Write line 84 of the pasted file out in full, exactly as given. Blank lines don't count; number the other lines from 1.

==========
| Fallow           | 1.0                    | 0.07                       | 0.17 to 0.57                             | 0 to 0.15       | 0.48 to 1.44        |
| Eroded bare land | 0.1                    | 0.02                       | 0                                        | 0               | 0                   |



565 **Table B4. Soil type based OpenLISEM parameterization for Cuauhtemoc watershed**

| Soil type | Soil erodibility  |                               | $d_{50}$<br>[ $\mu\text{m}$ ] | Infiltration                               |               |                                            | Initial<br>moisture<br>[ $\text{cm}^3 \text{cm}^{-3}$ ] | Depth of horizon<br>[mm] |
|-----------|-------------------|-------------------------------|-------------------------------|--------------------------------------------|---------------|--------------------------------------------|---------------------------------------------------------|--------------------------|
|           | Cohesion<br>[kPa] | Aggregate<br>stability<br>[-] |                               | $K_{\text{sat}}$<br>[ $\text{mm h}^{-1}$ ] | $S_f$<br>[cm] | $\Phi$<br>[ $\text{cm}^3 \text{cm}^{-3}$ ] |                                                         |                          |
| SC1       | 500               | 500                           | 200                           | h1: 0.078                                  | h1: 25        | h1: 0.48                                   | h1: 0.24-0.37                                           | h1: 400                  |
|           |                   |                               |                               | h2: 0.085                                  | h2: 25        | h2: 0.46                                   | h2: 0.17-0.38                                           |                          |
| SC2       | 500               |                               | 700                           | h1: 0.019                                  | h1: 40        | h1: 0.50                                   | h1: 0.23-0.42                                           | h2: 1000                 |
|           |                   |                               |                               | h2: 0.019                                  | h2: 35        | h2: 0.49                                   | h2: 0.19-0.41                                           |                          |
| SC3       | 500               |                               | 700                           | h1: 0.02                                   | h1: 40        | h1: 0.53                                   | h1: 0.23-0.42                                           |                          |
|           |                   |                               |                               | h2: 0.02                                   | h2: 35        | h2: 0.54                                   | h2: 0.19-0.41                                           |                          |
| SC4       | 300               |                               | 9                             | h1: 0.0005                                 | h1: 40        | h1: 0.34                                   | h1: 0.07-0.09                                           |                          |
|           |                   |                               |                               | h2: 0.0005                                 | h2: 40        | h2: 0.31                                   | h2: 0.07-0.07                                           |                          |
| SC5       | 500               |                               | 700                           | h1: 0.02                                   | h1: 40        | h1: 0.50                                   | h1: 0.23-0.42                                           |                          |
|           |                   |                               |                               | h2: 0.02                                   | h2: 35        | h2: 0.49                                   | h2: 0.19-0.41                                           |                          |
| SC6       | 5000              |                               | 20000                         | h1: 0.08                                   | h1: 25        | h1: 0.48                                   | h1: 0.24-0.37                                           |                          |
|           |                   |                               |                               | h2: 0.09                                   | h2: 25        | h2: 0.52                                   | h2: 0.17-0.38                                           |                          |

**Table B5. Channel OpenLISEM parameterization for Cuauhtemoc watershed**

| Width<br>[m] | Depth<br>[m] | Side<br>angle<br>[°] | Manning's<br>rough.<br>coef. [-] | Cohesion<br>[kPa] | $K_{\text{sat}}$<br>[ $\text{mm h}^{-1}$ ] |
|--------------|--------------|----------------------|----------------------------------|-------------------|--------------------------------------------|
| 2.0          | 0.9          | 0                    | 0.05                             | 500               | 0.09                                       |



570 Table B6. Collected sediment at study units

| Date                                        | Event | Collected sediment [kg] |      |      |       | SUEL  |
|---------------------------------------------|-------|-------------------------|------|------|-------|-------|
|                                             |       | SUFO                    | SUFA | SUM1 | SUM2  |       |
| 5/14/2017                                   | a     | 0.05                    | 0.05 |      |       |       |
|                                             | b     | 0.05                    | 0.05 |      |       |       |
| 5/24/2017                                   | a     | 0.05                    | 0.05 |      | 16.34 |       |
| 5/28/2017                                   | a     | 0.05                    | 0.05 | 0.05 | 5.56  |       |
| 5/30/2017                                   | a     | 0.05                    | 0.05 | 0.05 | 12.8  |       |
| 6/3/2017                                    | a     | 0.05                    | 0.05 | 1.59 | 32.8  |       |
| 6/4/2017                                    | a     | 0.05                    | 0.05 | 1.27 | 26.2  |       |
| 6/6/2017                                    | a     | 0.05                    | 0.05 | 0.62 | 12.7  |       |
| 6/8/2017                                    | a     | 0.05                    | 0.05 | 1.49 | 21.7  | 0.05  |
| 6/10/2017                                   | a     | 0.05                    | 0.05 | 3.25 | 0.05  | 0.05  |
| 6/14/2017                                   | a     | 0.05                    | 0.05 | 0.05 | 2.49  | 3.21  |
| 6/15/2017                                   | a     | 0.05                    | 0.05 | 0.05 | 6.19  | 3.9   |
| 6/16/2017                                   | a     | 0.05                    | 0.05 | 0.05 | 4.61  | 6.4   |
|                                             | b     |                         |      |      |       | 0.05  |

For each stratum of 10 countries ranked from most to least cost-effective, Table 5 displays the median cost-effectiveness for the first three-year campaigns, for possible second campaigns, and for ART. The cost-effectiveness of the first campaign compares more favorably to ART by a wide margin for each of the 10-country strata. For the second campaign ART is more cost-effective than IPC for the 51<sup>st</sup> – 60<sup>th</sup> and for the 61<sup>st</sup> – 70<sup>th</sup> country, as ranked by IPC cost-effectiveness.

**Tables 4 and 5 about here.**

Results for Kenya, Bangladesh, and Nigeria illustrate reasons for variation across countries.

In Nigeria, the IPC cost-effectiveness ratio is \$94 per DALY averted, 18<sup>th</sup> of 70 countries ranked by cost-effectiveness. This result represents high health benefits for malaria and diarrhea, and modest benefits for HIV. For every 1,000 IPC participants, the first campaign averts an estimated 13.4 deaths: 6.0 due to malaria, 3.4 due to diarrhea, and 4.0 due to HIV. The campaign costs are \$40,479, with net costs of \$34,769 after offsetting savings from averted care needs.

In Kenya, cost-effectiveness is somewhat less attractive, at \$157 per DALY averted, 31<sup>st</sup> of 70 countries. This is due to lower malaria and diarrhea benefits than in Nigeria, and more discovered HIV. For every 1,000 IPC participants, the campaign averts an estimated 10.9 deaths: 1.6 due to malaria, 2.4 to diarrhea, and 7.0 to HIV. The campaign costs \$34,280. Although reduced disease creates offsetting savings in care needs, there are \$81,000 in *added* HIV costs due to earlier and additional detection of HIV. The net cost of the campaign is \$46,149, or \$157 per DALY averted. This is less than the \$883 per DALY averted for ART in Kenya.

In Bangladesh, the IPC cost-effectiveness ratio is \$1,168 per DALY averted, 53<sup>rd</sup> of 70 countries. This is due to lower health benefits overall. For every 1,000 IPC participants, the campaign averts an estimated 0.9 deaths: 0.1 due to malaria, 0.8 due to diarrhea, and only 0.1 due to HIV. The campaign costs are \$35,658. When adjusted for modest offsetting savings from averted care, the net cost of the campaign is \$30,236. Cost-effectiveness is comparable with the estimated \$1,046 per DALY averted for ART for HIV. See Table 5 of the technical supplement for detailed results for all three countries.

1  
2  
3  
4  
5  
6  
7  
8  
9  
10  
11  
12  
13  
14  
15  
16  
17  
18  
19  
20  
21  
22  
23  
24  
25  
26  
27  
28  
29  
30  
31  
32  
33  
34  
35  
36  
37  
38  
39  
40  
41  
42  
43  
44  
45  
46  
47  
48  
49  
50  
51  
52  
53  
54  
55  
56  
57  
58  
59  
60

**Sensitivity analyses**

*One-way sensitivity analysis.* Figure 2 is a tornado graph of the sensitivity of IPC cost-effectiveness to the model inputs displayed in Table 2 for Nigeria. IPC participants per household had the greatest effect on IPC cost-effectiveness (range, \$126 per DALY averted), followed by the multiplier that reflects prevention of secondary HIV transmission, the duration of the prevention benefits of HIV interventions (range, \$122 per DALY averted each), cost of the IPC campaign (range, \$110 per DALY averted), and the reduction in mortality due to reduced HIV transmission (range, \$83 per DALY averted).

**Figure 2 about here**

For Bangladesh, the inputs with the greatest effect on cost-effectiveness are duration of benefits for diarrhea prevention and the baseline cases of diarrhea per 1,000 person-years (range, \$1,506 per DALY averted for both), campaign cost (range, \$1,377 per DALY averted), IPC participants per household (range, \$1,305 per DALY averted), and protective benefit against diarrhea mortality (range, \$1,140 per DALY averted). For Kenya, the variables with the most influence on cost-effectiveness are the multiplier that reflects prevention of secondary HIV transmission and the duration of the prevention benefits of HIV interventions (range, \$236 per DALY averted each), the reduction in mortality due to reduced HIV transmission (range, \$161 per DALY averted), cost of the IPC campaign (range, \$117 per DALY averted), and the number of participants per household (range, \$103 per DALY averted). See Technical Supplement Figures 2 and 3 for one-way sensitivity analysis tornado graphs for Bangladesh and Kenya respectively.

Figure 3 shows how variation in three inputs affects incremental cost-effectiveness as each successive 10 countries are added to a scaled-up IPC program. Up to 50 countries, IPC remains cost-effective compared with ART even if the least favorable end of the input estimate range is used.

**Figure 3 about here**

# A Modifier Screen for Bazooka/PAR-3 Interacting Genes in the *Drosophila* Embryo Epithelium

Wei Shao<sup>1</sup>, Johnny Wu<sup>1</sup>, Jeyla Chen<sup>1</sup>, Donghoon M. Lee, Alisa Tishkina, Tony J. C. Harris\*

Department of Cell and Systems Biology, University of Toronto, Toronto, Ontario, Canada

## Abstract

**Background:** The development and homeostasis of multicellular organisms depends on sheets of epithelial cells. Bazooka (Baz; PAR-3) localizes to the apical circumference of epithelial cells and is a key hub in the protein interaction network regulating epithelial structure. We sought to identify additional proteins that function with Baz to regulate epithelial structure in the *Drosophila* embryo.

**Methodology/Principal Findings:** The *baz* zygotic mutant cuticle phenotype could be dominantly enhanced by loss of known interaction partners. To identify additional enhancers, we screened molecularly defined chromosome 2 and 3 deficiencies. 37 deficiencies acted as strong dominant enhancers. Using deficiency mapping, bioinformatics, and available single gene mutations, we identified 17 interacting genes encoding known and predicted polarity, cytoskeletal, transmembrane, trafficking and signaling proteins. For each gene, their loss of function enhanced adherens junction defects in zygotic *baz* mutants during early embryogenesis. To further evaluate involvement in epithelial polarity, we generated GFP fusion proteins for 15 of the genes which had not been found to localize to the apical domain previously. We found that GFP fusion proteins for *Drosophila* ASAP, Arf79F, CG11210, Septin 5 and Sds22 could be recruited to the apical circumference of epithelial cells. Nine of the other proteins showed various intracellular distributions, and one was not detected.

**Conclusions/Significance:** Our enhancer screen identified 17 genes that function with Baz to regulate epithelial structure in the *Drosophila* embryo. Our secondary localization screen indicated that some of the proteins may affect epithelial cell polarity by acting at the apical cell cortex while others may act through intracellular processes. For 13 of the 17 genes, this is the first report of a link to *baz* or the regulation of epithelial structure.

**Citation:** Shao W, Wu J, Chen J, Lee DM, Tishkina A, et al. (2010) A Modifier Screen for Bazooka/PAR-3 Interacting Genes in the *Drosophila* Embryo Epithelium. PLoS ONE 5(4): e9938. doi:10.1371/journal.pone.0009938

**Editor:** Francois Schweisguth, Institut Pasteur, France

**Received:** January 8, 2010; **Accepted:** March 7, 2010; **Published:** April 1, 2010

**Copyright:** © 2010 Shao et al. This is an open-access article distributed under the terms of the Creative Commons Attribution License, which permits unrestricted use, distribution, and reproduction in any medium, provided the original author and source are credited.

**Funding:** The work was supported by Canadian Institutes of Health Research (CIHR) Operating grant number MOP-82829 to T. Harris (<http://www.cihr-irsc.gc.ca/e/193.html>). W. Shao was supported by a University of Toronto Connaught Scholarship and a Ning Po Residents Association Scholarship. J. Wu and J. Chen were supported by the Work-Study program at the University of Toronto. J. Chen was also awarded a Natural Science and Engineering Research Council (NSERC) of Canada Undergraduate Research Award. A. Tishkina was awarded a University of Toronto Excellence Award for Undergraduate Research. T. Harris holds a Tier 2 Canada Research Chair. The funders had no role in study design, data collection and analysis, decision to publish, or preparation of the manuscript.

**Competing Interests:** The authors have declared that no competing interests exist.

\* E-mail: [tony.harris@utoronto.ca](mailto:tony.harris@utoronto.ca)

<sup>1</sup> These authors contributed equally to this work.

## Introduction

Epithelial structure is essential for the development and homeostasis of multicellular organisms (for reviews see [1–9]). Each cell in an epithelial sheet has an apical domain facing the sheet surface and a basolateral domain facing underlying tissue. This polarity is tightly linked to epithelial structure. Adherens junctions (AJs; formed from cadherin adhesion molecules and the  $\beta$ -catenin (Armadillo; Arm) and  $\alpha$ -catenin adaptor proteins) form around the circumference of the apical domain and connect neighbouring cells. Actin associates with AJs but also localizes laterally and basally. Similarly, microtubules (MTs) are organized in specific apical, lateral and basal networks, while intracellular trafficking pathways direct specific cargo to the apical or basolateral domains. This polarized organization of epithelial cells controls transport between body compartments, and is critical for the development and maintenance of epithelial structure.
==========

38  